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No cows were harmed in the production of this blog: Week 15: Blogging for survival

Knee deep in the smoky water of the Ganges they sieve through the earthly remains of every body cremated here. There are teams of six, working in shifts around the clock. Scooping, sieving, flushing, scouring. Their job is to collect the jewelery of the dead. It belongs to the owner of the Ghat. It is the work of the untouchables. Except they don’t exist. Anymore. They say.  

Our jeep hurtles along a dusty outback track. Attempts are being made to seal sections of these roads. By hand. It is women who do the bulk of this work. The dry horizon is dotted with saris in every colour. Labouring in 45 degree heat with baskets of rubble on their heads. Their job is to pave the way of the future. The future that belongs to all people. Because the caste system doesn’t exist anymore. They say.

Returning from a night of feasting, our guide insists on stopping for a Jaipur delicacy at a road side stall. Our tuk tuk pulls over and he jumps out. I move to follow him and see that next to the stall is a small child, naked, sleeping. She is vulnerable and unprotected. His foot lands precariously close to her tiny form. I recoil, hiding in the shadowy darkness. Wrapping my sadness and indignation around me. Because this doesn’t happen where I come from. Anymore. They say.

I’m in the modest kitchen of the Gurdwara Sikh temple in New Delhi. Volunteers move around me. Stirring, chopping, mixing, rolling, serving, washing, measuring. Working. Without clamour, a mountain of food is being prepared and served. It is aromatic and nutritious. I ask how many are fed here on a daily basis. 20,000. Per day. I ask again. I cannot comprehend the arithmetic of this generosity. Because this doesn’t happen where I come from. If 20,000 people needed feeding in one day we would declare a state of National emergency.

And then I’m striking a deal for a beautifully embroidered kurta. It’s a well choreographed dance. He sets an astronomically high price and I say ‘I got two for less than that elsewhere’. He asks me where. I name another Indian city. He says ‘it’s different here’. ‘Not so much’ I say. ‘People are still people. Everyone is still trying to get by’. We move out of the temporal momentarily. ‘Ah yes’, he says, and nods his head. ‘But it’s not really about the money is it’? And he eyeballs me. ‘It’s about the dignity of the exchange’. And I nod my head and say, ‘yes, it is different here’.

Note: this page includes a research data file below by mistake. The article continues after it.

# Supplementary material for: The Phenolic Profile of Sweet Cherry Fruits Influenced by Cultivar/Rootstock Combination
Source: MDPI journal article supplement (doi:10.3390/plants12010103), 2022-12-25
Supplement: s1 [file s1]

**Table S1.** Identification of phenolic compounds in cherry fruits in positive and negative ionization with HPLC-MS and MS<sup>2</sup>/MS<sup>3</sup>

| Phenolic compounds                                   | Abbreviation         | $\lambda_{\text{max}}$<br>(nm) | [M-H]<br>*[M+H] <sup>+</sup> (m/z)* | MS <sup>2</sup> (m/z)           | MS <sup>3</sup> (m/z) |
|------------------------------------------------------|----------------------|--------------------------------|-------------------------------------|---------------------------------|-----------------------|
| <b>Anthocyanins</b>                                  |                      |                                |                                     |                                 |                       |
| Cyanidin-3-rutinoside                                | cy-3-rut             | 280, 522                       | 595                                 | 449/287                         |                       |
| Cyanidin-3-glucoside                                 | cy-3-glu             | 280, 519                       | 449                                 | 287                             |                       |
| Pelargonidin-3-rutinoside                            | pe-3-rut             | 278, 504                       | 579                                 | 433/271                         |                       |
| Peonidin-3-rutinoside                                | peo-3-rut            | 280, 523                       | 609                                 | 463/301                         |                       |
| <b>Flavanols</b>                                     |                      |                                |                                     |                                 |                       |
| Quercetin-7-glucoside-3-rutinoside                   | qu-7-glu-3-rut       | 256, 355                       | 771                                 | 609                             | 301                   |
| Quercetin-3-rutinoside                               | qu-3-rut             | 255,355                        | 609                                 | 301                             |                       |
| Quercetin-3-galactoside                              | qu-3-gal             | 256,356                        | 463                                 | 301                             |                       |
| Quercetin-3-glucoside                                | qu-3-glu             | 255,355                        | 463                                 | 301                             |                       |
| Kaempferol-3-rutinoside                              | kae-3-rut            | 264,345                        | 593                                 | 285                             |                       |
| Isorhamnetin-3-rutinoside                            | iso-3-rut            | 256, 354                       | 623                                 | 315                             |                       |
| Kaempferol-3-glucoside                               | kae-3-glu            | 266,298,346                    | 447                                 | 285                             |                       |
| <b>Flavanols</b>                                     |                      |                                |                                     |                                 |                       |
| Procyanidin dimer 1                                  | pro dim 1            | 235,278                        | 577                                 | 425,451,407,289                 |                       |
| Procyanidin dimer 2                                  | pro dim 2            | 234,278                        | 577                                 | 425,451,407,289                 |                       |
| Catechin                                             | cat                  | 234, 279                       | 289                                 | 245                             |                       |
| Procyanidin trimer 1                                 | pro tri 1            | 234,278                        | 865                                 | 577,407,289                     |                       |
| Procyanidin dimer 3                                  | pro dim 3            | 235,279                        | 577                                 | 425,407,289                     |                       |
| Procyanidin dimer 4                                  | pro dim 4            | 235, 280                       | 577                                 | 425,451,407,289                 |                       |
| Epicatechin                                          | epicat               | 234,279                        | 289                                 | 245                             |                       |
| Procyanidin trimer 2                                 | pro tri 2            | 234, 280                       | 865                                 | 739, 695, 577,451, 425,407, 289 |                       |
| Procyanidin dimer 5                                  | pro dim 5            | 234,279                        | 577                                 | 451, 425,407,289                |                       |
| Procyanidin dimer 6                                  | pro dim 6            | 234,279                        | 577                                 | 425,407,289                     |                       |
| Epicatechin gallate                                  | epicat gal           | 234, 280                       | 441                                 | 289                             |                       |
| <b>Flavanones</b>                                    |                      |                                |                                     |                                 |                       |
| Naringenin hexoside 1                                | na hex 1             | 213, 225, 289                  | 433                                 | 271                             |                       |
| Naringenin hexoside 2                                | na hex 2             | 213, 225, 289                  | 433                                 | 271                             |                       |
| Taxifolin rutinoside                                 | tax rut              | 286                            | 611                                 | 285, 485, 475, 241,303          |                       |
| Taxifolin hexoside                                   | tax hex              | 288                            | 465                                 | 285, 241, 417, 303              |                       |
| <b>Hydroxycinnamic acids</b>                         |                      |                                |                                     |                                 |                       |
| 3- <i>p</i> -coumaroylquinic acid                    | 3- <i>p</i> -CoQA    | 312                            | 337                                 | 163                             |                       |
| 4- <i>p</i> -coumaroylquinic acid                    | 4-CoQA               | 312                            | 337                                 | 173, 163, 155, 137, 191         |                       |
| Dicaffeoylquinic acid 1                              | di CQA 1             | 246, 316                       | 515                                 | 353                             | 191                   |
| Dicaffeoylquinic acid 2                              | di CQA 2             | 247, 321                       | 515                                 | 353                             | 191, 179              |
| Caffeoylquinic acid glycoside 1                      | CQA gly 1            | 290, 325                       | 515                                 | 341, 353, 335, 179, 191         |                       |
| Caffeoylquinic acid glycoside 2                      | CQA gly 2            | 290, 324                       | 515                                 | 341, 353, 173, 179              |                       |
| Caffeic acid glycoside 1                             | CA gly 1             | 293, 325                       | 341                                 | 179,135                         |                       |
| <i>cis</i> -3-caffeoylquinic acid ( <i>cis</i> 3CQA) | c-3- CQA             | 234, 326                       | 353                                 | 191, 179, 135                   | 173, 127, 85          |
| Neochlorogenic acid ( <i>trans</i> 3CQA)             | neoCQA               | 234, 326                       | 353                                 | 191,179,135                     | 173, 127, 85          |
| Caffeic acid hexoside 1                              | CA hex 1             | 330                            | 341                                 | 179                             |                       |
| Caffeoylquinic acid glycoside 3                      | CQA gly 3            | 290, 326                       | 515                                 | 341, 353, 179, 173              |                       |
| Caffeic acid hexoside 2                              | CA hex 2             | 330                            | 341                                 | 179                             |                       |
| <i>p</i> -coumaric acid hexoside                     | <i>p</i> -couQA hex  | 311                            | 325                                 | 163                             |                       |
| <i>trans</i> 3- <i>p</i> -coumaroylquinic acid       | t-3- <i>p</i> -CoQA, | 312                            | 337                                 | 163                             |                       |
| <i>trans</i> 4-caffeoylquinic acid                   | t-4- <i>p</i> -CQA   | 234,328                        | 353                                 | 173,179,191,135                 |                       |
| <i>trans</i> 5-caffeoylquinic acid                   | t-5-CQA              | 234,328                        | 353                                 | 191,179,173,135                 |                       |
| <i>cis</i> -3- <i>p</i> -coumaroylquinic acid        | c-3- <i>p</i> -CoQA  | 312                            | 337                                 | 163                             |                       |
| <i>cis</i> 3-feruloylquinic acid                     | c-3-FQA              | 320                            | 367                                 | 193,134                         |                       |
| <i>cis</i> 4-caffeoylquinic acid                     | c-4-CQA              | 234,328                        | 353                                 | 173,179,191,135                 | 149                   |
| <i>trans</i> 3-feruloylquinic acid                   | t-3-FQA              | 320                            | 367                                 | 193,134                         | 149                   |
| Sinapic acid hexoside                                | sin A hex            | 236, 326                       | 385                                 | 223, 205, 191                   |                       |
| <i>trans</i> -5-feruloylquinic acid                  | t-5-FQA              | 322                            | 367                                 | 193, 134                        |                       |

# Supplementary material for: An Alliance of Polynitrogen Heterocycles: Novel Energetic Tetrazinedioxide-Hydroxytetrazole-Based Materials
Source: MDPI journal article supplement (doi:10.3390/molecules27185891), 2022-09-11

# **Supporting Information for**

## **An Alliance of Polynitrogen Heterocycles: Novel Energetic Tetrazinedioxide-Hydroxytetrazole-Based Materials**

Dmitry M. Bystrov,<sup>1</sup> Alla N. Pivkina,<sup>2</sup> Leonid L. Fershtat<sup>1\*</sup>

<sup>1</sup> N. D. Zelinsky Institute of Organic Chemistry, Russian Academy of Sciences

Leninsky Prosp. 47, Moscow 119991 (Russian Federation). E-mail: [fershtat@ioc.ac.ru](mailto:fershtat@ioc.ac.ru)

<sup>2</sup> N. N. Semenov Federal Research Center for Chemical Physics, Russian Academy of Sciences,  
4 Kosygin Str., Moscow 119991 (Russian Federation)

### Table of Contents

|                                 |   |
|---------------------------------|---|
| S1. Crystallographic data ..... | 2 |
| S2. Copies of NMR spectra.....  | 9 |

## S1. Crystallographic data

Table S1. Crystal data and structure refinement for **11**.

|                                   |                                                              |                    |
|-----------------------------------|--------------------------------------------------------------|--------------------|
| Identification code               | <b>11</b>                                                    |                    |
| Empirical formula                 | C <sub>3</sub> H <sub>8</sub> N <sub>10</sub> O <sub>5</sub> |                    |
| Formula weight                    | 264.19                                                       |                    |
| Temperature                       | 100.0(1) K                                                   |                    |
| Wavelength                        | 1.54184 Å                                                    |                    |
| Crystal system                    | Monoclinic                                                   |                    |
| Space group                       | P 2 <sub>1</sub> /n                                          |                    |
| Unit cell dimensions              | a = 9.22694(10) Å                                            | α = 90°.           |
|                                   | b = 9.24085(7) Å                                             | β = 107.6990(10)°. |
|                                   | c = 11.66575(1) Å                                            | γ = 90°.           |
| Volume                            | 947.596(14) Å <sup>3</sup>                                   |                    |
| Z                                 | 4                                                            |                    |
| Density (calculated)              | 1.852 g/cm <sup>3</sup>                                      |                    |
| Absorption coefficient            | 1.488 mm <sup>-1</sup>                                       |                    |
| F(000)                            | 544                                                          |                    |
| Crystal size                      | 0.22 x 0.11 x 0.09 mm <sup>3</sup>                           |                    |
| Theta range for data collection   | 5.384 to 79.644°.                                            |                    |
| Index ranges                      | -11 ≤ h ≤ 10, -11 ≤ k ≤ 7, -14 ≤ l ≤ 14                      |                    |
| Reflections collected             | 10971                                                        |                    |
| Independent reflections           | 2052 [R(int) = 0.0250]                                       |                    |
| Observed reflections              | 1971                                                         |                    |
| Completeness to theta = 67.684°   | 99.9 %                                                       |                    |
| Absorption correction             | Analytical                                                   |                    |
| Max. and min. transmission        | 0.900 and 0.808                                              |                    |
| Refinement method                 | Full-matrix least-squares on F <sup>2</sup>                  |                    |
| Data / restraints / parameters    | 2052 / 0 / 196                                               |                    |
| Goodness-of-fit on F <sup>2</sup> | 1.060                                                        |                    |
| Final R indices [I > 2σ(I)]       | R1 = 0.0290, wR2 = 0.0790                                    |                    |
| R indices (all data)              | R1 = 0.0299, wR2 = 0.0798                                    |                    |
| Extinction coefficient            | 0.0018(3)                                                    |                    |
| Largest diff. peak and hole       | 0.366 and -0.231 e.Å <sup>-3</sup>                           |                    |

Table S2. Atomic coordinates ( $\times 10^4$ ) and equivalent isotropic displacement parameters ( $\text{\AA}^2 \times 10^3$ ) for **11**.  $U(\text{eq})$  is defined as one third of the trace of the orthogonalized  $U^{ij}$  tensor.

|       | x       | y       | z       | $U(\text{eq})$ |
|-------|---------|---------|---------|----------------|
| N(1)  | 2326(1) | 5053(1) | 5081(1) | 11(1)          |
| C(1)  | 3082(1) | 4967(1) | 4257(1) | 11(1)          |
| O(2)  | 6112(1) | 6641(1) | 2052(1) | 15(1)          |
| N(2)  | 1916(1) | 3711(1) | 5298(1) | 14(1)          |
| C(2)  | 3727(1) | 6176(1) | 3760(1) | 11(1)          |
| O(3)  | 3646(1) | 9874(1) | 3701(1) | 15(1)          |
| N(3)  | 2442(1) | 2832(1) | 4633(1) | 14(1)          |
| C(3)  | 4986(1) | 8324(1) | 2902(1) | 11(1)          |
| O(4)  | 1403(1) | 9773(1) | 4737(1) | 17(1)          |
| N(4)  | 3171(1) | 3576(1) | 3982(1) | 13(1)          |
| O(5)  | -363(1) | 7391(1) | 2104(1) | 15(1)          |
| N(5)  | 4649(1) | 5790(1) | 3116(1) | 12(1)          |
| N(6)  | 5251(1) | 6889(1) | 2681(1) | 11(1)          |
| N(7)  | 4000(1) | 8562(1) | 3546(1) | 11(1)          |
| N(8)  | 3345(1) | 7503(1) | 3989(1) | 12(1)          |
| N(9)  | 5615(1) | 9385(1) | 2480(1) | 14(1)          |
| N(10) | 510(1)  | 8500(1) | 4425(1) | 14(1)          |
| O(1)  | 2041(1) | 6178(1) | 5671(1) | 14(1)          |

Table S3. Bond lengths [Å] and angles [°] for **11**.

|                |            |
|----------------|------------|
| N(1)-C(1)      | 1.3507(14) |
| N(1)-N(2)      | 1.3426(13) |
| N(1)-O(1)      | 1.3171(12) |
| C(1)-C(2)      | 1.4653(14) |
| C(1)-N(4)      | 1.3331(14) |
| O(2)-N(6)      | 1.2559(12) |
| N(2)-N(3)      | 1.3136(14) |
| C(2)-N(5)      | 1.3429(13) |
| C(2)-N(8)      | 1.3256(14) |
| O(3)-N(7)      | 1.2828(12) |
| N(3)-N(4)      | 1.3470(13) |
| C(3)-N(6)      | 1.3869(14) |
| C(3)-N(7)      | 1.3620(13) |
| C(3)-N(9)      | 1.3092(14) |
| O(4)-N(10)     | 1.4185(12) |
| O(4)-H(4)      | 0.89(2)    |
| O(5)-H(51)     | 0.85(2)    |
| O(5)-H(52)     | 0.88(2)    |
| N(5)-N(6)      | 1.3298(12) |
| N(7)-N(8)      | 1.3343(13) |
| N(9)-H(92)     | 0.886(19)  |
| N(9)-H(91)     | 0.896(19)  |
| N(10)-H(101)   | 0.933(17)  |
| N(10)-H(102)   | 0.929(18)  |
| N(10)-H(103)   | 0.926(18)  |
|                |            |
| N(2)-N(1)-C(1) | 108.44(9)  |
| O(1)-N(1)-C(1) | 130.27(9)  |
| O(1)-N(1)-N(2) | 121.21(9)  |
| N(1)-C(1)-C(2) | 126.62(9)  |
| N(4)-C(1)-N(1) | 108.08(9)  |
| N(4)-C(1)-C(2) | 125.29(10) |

And I’m losing my place in the dance. Because like Marion Milner says “Everything that one thinks one understands has to be understood over and over again, in its different aspects, each time with the same new shock of discovery.”

And I’m shocked. That doesn’t happen where I come from.

This train is bound for glory: Week 14: Blogging for survival

Overnight train from Varanasi to Agra. Going to sleep with the memory of the haunting ghats and waking to the anticipation of the Taj Mahal. Our little band of travelers quivers with excitement. We have been advised to bring our own food onto the train. The journey will be long. The food inconsistent and of dubious quality. We ask the hotel. They make us good food to go.

I cradle my carefully packed falafel and fruit salad during the tuk tuk ride to the station and guard it from harm as we push through the throngs on the platform. As we wait for our train I nurse a feeling of ‘I’m just so pleased with myself right now’. Having negotiated the physical and emotional territory of India during my journey I feel that really, I can rest smugly on my resilience and probably spend the long train journey writing a blog about how I have ‘found’ myself in India.

Our group is a source of curiosity. A little theatre within the larger drama of public transport. People watch us. We watch our bags. The gods watch the trains. And I watch my falafel. One of my travel companions has been valiantly attempting to get a mental foothold on the family tree of the Hindu gods. All 3 million. I wonder which one is present today.

We all turn towards each other, forming a loose boundary. Staking our little bit of personal space. Space that we have no claim to. In India. Space that we surrended when we chose. To travel. To ‘meet the local people’. ‘To see the real India’. Space that we each cling to. In our own way. Mine is in the shape of my falafel. Everything could go to hell in a handbag, but it’s OK. I have my supplies.

One brave soul makes a border crossing. Standing next to me in a green sari asking for something. Quietly and insistently. I feign indifference. And deafness. I avert my eyes. The epic horror of giving money to one needy person in India and being trampled to death on a train station flashes before me. She continues to ask. Only me. I continue to look away. And then she takes my hand. Gently. It’s the law of love. Compelling you to turn to those that touch you. She is beautiful. But her hands are a disaster. Burned and clawed. She isn’t asking for money. She needs food.

The falafel moves seamlessly from my hand to hers. She makes a small sound of pleasure. There is no stampede. One million starving kids don’t run me down looking for falafels. Life moves on.

Later we board the train. Indians are excellent travelers. They can make themselves into whatever shape is required. Compacting life into a cameo. And yet we struggle with our bags, ipads, travel blankets and sanitisers. We create impasses wherever we stand. Desperately seeking space and not finding it. Seizing it from others and not meaning too. Trying to share and not knowing how.